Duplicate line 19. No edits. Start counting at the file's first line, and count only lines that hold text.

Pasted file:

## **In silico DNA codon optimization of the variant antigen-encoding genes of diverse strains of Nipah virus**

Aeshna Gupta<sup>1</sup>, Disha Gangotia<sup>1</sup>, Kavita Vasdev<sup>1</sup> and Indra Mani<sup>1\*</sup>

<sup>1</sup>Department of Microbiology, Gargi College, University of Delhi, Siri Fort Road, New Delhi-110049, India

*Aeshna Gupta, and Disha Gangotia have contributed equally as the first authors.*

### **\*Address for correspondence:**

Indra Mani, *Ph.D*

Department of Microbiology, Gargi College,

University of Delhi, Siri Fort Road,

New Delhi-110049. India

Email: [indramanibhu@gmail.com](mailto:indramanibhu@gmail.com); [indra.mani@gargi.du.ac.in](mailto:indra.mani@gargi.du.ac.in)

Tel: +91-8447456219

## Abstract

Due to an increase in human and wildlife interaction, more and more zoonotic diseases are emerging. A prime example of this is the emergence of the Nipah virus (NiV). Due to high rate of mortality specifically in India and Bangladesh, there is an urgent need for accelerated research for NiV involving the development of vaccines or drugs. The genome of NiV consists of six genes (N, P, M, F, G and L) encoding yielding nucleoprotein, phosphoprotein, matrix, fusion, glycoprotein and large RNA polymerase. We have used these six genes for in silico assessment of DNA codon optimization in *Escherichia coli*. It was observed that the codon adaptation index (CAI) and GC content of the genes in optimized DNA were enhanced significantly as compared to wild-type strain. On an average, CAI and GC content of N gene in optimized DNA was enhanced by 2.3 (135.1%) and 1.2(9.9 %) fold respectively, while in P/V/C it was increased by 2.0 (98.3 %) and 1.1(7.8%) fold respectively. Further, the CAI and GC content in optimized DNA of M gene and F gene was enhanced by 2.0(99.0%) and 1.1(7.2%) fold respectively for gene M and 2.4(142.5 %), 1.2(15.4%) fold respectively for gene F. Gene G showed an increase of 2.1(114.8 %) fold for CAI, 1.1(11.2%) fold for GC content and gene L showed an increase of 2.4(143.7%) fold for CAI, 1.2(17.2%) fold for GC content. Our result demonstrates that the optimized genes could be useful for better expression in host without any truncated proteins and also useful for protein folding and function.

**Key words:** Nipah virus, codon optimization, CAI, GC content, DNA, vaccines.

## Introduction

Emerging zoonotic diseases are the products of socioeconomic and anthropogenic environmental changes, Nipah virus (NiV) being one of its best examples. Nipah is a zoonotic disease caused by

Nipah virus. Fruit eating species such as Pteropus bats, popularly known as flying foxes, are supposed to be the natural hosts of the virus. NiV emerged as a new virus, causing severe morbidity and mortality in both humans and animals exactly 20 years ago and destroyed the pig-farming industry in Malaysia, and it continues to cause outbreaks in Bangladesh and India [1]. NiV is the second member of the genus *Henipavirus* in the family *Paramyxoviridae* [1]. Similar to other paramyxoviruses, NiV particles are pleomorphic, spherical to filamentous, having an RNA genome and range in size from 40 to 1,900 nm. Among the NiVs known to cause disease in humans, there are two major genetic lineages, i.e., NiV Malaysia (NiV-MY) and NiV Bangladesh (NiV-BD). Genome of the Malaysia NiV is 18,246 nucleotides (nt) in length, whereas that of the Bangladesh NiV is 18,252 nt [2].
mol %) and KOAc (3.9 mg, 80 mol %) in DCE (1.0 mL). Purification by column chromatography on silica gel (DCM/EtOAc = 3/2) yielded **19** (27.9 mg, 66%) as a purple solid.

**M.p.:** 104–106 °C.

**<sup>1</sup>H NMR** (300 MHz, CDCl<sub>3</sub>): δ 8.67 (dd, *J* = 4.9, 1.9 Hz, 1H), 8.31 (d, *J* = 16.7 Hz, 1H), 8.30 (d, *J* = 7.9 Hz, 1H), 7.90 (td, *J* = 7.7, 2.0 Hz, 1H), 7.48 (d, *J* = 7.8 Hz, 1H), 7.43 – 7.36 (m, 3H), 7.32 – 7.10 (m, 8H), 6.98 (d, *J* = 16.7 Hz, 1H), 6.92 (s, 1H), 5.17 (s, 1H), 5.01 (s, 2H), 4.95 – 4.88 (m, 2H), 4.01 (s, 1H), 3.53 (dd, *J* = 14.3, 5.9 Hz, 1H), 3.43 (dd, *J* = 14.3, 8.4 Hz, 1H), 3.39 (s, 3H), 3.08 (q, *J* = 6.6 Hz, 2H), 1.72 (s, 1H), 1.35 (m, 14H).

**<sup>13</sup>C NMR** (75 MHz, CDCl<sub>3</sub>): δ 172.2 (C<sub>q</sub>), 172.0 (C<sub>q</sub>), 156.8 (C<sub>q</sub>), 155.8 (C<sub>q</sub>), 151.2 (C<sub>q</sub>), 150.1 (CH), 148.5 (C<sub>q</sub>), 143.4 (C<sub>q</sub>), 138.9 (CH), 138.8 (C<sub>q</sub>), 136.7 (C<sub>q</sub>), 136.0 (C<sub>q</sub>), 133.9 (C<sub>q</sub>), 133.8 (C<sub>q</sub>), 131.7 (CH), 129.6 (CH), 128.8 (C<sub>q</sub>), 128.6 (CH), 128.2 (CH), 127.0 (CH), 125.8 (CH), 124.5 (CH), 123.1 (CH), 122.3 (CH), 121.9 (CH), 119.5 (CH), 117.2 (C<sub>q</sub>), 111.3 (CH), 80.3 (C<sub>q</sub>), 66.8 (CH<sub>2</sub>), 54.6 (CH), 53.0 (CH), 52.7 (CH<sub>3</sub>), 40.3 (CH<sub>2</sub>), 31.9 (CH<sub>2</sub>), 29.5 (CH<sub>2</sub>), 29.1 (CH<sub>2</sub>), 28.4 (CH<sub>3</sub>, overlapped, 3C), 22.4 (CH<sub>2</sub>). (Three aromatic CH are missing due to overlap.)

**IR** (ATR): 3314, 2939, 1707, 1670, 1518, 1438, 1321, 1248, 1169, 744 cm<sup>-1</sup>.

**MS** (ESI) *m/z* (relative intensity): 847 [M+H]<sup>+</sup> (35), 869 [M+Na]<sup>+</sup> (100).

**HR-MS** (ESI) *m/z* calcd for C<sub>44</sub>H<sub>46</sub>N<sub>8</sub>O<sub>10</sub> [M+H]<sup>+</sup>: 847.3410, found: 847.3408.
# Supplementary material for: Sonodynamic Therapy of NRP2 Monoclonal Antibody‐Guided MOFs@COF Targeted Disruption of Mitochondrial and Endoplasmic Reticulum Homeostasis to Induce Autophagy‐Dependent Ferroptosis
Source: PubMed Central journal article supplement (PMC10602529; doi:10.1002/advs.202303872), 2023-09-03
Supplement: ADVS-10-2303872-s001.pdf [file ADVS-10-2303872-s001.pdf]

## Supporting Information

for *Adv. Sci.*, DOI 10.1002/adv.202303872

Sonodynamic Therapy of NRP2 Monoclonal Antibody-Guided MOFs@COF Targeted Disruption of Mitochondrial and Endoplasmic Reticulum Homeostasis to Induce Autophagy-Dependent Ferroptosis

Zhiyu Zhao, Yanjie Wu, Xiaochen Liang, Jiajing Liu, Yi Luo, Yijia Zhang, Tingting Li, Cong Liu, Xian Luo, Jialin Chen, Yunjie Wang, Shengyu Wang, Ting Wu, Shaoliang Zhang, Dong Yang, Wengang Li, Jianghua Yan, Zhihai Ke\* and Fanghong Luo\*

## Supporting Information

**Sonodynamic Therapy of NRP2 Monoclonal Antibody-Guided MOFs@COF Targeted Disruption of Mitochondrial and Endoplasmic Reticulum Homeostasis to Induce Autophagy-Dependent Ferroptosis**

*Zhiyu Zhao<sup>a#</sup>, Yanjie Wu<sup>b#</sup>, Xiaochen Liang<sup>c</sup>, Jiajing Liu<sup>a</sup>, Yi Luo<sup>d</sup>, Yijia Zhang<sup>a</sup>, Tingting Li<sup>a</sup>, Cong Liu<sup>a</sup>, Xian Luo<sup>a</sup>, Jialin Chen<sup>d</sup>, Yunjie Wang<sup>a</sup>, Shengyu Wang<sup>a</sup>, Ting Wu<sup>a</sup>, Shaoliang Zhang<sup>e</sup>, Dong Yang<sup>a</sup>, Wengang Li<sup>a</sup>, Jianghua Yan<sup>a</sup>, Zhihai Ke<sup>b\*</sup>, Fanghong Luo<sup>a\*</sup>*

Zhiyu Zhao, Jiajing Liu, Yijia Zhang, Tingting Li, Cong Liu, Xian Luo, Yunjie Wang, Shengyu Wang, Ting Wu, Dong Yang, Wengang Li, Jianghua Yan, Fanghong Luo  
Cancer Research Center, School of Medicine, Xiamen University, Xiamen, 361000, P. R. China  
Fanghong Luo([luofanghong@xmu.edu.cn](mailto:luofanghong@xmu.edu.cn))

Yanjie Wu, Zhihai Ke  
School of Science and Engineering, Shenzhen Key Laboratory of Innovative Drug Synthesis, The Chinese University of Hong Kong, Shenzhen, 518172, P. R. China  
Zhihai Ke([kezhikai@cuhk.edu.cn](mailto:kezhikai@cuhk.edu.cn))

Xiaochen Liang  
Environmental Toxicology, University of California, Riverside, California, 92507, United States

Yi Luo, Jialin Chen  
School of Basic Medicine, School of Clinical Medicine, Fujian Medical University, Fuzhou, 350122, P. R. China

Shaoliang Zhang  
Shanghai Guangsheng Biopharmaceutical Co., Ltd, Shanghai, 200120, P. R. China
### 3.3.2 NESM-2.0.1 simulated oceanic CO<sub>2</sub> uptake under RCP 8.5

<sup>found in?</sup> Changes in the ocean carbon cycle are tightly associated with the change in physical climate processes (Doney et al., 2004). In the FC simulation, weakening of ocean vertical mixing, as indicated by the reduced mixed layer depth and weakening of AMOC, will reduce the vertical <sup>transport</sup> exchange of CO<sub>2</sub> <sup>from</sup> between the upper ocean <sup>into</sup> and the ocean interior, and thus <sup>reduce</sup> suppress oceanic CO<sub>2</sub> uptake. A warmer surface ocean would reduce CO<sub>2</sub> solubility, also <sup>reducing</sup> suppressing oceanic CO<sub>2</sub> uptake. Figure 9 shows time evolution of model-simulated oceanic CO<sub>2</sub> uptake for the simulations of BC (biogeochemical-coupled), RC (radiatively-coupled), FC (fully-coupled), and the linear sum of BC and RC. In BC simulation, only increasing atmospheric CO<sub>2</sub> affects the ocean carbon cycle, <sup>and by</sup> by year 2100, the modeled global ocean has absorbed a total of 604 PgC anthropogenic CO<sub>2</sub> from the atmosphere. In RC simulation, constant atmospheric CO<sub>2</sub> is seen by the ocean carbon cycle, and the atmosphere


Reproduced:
**M.p.:** 104–106 °C.